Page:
Someone asked me recently, on a podcast, a question I often get: How do I empower others? How do I get people with less rank to take ownership? How can I make space for others?

Empowering others. Holding back. Making space. This seems like the right thing to do to create more equitable spaces and have more voices heard. 

But … it’s more complicated than that. And the fact is, it often doesn’t work.

For starters, when done out of duty or a sense of obligation, giving space or empowering others can feel transparent and disingenuous. Not to mention patronizing, as if people with power can bestow their power on others simply by not speaking.

Of course, most people don’t mean it that way. And the question itself is genuine: How do those in power make sure other voices are heard, create opportunities, and create the conditions for people to participate fully?

Better than holding back is to tap into your fear.

If you are in a position of leadership, your greatest fear should be that you don’t know what’s going on. That people aren’t telling you what you need to know. That people are agreeing with you out of fear, or to make you feel important, not because they truly agree with you. 

It happens all the time. Projects are stalled, and it’s not reaching your attention. Well-founded doubts about decisions and strategies aren’t being shared until something goes horribly wrong. Complaints about managers aren’t being addressed, and then suddenly there’s a lawsuit or PR nightmare.

And this should motivate you to do everything in your power to make sure that people can speak truth to power.

This is a much better motivation than duty or benevolence or even guilt. Because no matter how approachable you are, your high-ranking role sends a signal to others to hold back, massage the message, or go along with the status quo. 

People aren’t deliberately deceiving you or withholding information. Rather, they’re in self-protect mode. We all default to self-protect mode when we encounter someone with higher rank.

Asking questions could make us look stupid. Sharing our perceptions or ideas, especially if no one else has voiced them, is risky. I’d rather go along with the boss or team than be the bearer of bad news. And, anyway, don’t people in power know better?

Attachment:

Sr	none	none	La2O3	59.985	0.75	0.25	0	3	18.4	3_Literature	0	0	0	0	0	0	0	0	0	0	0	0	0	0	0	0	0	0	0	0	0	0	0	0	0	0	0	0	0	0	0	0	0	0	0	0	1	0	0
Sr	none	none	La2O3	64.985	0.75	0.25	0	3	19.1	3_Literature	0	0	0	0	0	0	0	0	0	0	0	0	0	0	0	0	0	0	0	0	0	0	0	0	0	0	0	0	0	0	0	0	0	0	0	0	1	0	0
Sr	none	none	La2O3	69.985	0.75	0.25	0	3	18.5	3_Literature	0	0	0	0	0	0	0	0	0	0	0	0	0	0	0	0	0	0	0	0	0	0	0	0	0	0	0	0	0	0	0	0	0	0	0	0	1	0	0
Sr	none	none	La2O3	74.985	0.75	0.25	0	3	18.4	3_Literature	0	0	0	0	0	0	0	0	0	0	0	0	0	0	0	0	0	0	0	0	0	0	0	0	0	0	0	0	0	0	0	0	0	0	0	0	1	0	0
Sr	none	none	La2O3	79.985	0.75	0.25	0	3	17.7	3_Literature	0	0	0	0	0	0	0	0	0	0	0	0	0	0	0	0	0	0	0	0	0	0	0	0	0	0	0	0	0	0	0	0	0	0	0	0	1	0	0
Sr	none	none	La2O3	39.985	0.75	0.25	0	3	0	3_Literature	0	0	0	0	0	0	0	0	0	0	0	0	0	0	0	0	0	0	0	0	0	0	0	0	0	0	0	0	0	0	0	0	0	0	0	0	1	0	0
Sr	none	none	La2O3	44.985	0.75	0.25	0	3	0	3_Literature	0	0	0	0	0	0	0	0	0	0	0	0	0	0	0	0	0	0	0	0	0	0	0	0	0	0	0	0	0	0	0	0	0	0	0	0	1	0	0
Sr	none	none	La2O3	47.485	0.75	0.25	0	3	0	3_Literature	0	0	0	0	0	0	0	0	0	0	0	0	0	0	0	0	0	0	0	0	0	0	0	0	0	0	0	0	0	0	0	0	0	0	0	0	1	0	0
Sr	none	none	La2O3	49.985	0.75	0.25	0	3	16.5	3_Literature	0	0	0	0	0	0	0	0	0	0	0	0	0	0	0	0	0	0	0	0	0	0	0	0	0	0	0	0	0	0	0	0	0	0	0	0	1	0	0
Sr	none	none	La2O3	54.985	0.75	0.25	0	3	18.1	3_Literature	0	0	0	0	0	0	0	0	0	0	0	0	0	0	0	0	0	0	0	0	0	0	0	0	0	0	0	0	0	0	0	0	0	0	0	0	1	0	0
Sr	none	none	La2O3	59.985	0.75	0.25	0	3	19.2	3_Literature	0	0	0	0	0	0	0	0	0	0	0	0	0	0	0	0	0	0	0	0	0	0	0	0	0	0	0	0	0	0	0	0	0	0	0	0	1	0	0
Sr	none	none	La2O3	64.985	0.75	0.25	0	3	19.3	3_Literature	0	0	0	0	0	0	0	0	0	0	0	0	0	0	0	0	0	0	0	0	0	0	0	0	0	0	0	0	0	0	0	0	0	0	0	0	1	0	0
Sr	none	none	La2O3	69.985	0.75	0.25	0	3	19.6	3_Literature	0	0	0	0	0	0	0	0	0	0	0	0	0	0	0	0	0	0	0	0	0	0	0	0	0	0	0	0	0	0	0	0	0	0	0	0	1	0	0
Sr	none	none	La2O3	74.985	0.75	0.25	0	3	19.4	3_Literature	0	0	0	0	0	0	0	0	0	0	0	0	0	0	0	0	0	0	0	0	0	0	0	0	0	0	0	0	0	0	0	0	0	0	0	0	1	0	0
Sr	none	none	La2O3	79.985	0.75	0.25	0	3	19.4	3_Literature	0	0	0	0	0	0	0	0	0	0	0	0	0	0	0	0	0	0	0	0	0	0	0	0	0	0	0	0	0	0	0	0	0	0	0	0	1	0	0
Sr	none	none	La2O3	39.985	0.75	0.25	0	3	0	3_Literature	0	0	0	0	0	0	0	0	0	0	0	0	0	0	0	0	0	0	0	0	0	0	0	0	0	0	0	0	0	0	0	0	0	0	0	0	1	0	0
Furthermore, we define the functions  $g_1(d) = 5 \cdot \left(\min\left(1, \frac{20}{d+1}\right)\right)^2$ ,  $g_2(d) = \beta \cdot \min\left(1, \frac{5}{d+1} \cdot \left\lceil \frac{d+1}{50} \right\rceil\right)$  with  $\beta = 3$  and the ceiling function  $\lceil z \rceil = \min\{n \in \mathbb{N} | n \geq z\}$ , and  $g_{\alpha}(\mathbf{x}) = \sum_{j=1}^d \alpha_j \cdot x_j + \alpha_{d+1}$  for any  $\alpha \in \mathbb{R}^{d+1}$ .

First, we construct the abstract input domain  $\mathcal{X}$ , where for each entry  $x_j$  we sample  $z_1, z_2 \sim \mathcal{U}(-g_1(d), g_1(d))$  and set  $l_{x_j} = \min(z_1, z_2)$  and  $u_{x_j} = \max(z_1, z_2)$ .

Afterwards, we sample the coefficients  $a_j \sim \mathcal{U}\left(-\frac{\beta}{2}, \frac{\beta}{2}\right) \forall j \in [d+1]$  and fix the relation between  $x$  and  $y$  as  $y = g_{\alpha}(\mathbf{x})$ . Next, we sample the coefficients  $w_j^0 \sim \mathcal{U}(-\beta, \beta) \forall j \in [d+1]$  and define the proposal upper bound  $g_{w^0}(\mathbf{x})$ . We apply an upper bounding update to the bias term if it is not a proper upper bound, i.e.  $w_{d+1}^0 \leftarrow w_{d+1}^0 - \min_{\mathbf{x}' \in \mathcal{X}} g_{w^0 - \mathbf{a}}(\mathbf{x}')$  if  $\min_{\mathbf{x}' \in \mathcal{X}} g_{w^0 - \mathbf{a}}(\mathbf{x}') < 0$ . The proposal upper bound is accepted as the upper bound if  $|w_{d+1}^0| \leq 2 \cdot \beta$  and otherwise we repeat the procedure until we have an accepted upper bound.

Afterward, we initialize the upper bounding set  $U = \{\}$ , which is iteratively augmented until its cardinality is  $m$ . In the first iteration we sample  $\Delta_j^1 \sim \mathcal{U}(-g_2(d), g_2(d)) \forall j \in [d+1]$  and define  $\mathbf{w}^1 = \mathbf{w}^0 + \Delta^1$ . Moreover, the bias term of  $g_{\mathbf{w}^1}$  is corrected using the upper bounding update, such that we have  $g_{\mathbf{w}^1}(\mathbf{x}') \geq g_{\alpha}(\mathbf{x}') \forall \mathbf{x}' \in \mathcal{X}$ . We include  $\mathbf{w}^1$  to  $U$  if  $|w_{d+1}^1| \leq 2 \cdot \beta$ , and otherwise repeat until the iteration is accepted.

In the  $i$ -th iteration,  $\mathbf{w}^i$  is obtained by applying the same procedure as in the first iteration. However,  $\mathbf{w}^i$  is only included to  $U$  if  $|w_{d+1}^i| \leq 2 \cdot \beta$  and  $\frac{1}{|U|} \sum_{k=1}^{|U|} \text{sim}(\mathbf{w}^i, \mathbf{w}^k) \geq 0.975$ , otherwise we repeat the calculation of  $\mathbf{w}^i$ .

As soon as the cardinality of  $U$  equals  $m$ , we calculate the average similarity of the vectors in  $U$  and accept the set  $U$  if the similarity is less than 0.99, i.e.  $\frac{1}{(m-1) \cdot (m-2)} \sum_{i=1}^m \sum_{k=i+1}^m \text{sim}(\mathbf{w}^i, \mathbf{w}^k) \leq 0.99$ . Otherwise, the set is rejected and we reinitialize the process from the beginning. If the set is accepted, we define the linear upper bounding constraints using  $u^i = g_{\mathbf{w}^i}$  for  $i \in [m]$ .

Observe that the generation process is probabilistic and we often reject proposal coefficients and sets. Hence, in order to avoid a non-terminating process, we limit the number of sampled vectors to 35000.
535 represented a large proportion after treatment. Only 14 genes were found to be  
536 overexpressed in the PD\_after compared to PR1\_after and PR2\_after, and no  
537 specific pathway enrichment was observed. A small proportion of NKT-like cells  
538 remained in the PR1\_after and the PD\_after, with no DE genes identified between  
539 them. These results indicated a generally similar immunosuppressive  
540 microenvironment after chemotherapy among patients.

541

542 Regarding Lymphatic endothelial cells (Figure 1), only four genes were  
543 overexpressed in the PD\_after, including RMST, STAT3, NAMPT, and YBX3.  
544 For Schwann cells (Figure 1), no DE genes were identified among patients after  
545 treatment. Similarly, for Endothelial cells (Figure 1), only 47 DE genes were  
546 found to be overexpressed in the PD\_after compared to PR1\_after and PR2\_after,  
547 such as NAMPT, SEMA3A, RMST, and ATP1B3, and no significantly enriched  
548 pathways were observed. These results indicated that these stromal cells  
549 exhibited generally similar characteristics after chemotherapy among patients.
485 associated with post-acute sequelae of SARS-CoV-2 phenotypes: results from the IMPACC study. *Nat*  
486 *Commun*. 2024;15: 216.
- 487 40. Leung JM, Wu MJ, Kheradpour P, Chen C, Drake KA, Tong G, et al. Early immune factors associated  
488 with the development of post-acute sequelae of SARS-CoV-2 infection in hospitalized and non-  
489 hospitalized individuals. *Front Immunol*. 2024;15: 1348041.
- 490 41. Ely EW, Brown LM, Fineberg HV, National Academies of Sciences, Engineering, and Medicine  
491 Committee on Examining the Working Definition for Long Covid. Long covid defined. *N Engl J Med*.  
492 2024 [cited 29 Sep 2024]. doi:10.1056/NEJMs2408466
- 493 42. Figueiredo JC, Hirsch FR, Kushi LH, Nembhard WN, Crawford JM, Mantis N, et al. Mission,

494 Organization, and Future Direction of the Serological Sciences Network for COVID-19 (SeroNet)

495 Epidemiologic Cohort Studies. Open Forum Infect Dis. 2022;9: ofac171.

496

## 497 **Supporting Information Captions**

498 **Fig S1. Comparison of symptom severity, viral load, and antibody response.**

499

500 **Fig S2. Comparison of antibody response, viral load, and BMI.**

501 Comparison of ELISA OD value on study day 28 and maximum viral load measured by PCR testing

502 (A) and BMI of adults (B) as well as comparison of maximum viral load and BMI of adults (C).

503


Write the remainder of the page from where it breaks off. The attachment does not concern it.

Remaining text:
So if you’re in a position of leadership, you should be very afraid.

You don’t have to hold back or make space. You just need to look around the room and ask yourself: 

Who’s not speaking and what do they really think?

What information is not being shared? 

What perspective are we missing?

However, for many leaders, silence means agreement. Or, as a colleague of mine jokes, leaders think agreement means agreement.

Fear is the start, but it’s not enough. You need to pair fear with curiosity and courage. Fear alone could lead us to double down on the tried and true, play it safe, seek constancy, and not want to hear from others.

The equation for empowerment is fear + curiosity + courage.

Fear awakens you to the reality that you’re missing things.

Curiosity drives you to ask, solicit, and seek out new perspectives.

And courage allows you to hear things about yourself, about your idea, and about your understanding that will challenge you.

You may find yourself feeling very uncomfortable. But that’s the ticket, the price of admission to growth and change.

So rather than try to give up your power or empower others, instead pay attention to your fear. Get curious. And build the courage to learn, see, and hear the things that get you out of your comfort zone and into the growth zone.